Cassandra, MongoDB, Couchbase: NoSQL Performance Benchmark

nosql comparison

nosql comparison

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Cassandra is a distributed columnar key-value database with eventual consistency. It is optimized for write operations and has no central master—data can be written or read to and from any of the nodes in a cluster. Cassandra provides seamless horizontal scaling and has no single point of failure. If a node in the cluster fails, another node steps up to replace it. At the moment, Cassandra is an Apache 2.0 licensed project supported by the Apache Community.

MongoDB is a schema-free, document-oriented, NoSQL database that stores data in the BSON format. A BSON document is essentially a JSON document in the binary format, which allows for easier and faster integration of data in certain types of applications. This database also provides horizontal scalability and has no single point of failure. A MongoDB cluster is different from a Cassandra or Couchbase Server cluster, as it includes an arbiter, a master, and multiple slaves. Since 2009, MongoDB is an open source project with the AGPL license supported by 10gen.

Couchbase is an open source NoSQL document database for interactive Web and mobile applications. Documents in Couchbase Server are stored as JSON. With built-in caching, Couchbase provides low-latency read and write operations with linearly scalable throughput. The architecture has no single point of failure. It is easy to scale-out the cluster and support live cluster topology changes. This means, there is no application downtime when you are upgrading your database, software, or hardware using rolling upgrades. Couchbase, Inc. develops and provides commercial support for the Couchbase open source project that is Apache 2.0 licensed.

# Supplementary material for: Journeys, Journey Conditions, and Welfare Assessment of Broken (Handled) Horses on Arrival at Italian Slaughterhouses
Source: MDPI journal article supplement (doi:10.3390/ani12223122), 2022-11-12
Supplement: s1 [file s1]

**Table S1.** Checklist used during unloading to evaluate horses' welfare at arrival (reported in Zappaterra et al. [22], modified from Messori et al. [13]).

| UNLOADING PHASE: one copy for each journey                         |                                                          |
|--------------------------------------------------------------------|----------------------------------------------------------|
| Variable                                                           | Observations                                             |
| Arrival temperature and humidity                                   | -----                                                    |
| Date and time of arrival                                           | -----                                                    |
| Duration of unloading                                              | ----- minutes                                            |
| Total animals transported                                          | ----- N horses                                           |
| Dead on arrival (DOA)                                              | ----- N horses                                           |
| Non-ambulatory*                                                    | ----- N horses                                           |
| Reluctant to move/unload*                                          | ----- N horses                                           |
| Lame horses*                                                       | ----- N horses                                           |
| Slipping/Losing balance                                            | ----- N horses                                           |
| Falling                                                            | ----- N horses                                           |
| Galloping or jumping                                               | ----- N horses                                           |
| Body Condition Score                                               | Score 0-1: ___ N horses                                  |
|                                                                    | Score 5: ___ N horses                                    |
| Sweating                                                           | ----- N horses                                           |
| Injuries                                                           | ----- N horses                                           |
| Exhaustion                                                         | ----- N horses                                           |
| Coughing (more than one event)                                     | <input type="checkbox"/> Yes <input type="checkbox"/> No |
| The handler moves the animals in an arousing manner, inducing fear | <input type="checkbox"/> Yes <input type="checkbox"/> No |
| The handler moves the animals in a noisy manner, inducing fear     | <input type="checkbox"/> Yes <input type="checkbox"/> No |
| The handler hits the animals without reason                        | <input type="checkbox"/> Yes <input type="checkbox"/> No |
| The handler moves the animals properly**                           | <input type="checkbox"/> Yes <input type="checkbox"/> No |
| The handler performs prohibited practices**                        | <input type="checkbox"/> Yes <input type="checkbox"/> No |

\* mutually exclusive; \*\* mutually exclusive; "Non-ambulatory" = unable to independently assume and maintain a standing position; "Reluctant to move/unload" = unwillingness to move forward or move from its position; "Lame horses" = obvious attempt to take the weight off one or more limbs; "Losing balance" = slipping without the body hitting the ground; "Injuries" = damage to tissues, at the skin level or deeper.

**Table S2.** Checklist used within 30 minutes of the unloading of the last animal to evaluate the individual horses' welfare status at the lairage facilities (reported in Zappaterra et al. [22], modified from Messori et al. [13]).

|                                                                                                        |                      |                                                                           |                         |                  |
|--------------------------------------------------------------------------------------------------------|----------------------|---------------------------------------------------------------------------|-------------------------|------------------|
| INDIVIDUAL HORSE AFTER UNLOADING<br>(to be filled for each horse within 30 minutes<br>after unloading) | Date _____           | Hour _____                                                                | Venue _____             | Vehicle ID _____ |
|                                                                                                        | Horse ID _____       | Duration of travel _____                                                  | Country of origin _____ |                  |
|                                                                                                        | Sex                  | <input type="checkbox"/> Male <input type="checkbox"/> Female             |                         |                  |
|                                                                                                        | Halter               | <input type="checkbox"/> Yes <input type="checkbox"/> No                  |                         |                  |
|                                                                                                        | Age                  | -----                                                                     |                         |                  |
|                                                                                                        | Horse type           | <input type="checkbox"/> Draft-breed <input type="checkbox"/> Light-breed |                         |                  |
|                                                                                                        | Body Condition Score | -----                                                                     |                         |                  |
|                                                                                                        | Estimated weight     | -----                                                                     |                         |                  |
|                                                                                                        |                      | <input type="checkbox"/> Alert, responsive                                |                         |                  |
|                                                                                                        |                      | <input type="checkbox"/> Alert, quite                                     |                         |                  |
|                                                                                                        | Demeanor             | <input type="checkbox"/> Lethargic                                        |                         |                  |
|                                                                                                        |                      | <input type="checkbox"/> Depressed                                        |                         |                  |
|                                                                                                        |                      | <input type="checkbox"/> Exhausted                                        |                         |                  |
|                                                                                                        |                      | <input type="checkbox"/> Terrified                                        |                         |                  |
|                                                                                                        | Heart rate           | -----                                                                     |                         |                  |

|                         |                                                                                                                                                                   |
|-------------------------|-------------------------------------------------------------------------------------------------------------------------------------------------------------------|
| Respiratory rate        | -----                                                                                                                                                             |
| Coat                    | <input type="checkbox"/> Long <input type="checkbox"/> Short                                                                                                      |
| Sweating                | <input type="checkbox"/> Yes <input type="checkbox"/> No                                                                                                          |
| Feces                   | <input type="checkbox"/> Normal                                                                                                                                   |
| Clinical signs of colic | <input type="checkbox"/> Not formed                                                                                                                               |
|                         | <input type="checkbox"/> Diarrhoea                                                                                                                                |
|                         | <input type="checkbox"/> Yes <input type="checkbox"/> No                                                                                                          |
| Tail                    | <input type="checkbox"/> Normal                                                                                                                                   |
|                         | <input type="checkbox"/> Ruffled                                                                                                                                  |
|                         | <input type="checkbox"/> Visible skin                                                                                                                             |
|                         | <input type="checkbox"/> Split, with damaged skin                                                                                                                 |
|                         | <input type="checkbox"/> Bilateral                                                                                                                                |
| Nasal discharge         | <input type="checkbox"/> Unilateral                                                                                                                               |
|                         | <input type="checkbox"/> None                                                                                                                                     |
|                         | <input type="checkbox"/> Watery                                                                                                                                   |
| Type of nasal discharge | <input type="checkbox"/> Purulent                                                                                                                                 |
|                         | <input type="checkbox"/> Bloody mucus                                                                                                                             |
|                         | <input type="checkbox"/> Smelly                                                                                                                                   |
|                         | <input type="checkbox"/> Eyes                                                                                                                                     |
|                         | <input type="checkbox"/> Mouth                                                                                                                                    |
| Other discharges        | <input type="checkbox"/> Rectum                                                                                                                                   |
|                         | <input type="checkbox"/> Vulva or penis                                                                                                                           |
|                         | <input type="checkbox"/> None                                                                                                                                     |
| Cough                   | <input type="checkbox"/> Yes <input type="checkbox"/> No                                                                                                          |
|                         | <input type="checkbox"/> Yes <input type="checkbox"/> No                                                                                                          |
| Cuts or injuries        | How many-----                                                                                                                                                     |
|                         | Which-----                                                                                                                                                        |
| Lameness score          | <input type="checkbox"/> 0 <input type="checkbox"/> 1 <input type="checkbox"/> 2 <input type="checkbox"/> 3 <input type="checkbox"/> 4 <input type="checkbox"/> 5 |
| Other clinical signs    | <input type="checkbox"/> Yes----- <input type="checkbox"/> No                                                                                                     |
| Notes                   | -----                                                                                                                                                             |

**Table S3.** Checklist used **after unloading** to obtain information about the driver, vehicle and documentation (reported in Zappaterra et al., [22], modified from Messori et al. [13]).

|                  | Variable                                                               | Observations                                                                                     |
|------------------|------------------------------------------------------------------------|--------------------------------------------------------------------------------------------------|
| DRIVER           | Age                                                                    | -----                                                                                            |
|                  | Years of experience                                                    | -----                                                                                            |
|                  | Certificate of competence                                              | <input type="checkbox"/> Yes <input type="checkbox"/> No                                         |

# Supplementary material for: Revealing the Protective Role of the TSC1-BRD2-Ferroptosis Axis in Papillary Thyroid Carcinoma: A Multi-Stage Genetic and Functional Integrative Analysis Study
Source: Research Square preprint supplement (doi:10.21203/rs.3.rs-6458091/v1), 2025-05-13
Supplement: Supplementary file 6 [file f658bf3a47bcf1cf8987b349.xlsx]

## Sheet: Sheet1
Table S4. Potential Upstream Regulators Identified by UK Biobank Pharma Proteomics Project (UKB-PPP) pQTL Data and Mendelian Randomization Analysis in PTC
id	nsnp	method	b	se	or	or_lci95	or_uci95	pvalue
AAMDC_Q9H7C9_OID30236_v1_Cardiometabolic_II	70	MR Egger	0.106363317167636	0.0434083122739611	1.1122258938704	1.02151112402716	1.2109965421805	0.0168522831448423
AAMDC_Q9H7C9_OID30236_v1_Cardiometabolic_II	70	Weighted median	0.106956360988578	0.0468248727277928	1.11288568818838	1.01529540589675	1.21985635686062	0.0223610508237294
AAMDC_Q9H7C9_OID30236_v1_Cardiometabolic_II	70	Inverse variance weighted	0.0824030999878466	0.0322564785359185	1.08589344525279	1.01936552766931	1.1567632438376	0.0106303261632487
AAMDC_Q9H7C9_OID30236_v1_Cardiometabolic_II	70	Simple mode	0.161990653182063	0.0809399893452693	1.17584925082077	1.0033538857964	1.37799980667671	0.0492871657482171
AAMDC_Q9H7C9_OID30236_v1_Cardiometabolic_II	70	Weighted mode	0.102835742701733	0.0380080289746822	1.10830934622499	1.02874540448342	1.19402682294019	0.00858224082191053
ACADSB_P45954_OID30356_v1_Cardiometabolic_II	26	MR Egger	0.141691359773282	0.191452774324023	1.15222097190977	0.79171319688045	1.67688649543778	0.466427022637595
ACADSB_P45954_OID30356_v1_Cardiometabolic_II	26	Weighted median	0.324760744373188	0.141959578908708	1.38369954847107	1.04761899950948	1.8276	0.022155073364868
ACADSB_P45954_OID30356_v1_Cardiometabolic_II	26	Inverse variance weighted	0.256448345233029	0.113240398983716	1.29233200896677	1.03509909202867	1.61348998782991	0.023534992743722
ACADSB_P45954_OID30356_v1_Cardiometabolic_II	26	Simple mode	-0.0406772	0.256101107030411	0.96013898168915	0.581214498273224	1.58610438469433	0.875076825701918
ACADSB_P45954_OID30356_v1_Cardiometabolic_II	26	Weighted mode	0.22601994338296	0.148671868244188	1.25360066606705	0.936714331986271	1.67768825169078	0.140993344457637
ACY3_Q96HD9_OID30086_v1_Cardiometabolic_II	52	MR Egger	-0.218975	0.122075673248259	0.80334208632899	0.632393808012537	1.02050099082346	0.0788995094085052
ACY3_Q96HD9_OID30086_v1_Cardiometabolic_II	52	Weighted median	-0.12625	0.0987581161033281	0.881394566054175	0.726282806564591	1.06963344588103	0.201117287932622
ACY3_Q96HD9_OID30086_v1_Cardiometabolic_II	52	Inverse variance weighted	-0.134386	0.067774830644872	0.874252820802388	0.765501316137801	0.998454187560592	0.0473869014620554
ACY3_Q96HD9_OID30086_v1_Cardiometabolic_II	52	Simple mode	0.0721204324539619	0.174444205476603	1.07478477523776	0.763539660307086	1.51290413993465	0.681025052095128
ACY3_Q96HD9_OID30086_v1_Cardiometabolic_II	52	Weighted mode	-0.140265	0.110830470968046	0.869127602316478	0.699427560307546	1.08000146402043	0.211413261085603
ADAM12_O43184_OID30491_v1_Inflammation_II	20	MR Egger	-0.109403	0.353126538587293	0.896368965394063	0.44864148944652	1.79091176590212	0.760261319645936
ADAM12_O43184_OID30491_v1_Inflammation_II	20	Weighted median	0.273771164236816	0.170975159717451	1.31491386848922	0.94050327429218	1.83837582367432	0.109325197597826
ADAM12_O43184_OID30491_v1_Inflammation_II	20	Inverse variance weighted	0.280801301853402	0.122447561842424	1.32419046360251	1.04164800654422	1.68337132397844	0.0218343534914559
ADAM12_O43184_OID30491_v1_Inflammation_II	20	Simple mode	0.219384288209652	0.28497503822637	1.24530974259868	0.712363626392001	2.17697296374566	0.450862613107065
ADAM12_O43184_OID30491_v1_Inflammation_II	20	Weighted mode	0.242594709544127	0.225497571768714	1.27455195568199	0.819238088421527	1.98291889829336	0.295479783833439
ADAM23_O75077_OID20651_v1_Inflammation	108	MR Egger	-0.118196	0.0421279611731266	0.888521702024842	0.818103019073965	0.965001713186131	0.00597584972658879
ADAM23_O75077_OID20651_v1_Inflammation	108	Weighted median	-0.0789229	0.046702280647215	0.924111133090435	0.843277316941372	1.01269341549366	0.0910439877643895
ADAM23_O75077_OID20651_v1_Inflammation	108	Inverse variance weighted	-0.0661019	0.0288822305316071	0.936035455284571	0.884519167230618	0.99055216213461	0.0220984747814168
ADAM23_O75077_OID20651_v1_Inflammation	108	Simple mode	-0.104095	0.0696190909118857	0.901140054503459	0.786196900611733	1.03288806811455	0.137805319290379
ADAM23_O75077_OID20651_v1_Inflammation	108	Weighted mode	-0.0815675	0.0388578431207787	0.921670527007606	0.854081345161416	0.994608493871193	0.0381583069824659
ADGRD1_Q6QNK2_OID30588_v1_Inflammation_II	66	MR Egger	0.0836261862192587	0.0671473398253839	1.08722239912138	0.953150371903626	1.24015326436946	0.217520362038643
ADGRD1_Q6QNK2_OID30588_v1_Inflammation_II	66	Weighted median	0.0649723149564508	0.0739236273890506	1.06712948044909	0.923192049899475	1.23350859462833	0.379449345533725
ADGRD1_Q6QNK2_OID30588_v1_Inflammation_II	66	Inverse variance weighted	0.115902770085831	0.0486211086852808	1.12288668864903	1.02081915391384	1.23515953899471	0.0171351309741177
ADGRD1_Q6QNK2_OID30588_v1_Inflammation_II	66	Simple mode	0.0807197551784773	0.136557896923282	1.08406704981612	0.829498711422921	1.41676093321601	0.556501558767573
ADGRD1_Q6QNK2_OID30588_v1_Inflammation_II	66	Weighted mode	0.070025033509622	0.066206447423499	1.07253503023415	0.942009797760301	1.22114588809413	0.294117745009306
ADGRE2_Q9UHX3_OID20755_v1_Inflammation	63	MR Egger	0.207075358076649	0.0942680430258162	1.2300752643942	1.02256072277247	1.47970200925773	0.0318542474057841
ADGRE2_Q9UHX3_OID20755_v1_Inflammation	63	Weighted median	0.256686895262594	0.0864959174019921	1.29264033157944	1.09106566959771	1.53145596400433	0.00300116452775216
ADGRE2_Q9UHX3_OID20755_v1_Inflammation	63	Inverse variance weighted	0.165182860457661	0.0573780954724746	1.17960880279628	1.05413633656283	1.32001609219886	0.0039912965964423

Choosing the right NoSQL database for your application can be complicated because not all NoSQL solutions are the same. Every solution is optimized for a particular type of workload and use case. Therefore each has its own pros and cons.

For instance, though the advantages of MongoDB include ad-hoc querying, increasing cluster size in Mongo involves a lot of manual operations done through the command line. So, it is mandatory that you have a highly skilled system administrator for this database.

Unlike MongoDB, Cassandra is rather flexible when a cluster needs to be resized. However, its extreme flexibility designed to sustain performance in highly distributed environments results in additional limitations. In particular, the database supports no transactions and cannot block separate records.

In its turn, Couchbase provides an admin console with flexible settings for changing cluster size. Each document is hashed to a node in the cluster. Read and write requests for a particular document are routed to the server holding the active copy of the document. This architecture makes Couchbase fully consistent. Additionally, Couchbase comes with an administrative UI that provides the status of the whole cluster as well as an individual cluster node.

Your final decision may be influenced by these as well as many other factors. Still, the most important things you must consider when working with big data are latencies, throughput, availability, horizontal scaling, and ease of development.

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